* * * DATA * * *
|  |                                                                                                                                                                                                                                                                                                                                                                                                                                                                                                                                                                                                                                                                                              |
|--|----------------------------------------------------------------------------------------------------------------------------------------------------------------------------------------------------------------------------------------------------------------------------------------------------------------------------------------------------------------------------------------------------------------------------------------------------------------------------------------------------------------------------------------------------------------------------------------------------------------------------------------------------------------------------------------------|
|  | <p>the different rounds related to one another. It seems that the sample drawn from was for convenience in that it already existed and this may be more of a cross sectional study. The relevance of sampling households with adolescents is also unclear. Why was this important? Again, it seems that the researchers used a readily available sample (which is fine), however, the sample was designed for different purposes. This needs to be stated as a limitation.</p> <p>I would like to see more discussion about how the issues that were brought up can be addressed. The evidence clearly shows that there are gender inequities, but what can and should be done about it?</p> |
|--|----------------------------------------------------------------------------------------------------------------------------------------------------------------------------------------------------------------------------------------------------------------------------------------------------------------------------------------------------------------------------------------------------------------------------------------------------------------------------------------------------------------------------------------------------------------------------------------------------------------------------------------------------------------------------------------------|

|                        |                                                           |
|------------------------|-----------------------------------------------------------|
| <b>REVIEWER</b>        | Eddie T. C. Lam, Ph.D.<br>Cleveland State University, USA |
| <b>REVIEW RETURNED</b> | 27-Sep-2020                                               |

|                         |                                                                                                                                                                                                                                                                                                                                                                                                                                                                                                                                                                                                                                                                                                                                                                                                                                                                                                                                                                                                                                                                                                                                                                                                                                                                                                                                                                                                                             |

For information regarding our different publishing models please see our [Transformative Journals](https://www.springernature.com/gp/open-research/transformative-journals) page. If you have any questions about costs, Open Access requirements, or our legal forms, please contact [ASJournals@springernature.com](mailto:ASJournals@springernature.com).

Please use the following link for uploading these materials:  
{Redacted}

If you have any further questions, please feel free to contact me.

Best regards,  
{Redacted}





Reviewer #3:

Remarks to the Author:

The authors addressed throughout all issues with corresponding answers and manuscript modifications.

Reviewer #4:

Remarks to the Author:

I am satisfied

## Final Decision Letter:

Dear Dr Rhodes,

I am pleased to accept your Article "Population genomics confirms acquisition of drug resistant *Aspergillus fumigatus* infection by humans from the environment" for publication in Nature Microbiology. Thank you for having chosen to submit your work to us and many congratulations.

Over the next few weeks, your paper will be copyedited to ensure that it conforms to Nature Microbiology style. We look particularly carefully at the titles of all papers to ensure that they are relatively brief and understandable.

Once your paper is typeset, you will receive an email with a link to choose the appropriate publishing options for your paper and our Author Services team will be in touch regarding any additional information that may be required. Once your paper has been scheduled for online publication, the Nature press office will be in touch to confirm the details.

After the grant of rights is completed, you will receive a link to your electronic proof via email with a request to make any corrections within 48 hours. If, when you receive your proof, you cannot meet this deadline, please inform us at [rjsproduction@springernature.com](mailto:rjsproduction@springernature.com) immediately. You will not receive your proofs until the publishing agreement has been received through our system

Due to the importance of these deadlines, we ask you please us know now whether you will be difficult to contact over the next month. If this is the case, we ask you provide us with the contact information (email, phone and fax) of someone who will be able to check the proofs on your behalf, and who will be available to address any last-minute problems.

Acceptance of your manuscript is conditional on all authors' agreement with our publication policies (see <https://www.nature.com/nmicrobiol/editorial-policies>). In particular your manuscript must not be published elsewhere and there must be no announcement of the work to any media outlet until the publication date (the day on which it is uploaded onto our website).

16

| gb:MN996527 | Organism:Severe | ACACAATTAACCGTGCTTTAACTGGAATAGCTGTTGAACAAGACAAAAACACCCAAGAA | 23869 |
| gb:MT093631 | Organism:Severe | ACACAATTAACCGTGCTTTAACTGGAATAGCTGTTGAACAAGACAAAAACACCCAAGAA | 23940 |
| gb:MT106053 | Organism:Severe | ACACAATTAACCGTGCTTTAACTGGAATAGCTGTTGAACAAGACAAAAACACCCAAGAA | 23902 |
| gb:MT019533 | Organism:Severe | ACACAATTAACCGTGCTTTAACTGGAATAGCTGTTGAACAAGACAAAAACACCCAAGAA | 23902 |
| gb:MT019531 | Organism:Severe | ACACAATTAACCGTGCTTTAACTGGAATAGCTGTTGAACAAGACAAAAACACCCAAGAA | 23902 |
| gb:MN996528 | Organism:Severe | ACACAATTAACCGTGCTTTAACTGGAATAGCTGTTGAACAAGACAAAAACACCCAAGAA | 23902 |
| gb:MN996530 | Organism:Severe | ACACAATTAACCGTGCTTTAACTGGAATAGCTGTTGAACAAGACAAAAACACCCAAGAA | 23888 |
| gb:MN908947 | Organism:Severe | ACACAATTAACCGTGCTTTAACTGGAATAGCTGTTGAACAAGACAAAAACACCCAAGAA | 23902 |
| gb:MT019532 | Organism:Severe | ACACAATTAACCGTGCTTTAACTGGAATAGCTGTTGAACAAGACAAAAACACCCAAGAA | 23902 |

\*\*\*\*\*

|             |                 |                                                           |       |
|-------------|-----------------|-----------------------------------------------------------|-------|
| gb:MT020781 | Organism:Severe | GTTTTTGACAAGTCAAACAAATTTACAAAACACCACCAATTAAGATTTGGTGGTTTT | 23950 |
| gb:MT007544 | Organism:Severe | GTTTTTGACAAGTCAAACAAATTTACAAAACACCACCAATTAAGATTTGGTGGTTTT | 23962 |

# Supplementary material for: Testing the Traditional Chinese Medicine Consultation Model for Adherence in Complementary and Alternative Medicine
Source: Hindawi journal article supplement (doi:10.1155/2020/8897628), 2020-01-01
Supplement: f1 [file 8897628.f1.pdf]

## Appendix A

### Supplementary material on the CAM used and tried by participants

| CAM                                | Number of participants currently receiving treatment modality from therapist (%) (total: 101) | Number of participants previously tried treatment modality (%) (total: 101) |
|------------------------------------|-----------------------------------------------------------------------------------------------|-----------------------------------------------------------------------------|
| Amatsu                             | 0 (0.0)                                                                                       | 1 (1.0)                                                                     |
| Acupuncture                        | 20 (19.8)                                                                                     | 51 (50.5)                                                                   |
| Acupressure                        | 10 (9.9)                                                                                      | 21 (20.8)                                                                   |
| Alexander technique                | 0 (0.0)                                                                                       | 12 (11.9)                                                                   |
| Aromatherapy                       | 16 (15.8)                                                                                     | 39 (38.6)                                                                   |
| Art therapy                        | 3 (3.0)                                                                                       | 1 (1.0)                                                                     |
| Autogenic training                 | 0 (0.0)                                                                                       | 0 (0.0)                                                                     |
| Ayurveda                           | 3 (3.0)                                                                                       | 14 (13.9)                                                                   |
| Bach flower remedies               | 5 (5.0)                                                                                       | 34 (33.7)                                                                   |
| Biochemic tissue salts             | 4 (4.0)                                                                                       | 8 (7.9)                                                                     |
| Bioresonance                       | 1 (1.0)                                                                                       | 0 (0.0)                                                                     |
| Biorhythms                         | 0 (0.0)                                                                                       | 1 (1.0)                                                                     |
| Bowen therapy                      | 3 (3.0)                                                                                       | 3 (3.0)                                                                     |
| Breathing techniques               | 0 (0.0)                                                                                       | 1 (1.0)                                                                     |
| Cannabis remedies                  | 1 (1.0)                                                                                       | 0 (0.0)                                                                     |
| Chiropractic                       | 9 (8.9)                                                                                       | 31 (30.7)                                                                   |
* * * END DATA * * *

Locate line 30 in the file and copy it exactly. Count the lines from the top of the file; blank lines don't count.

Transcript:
16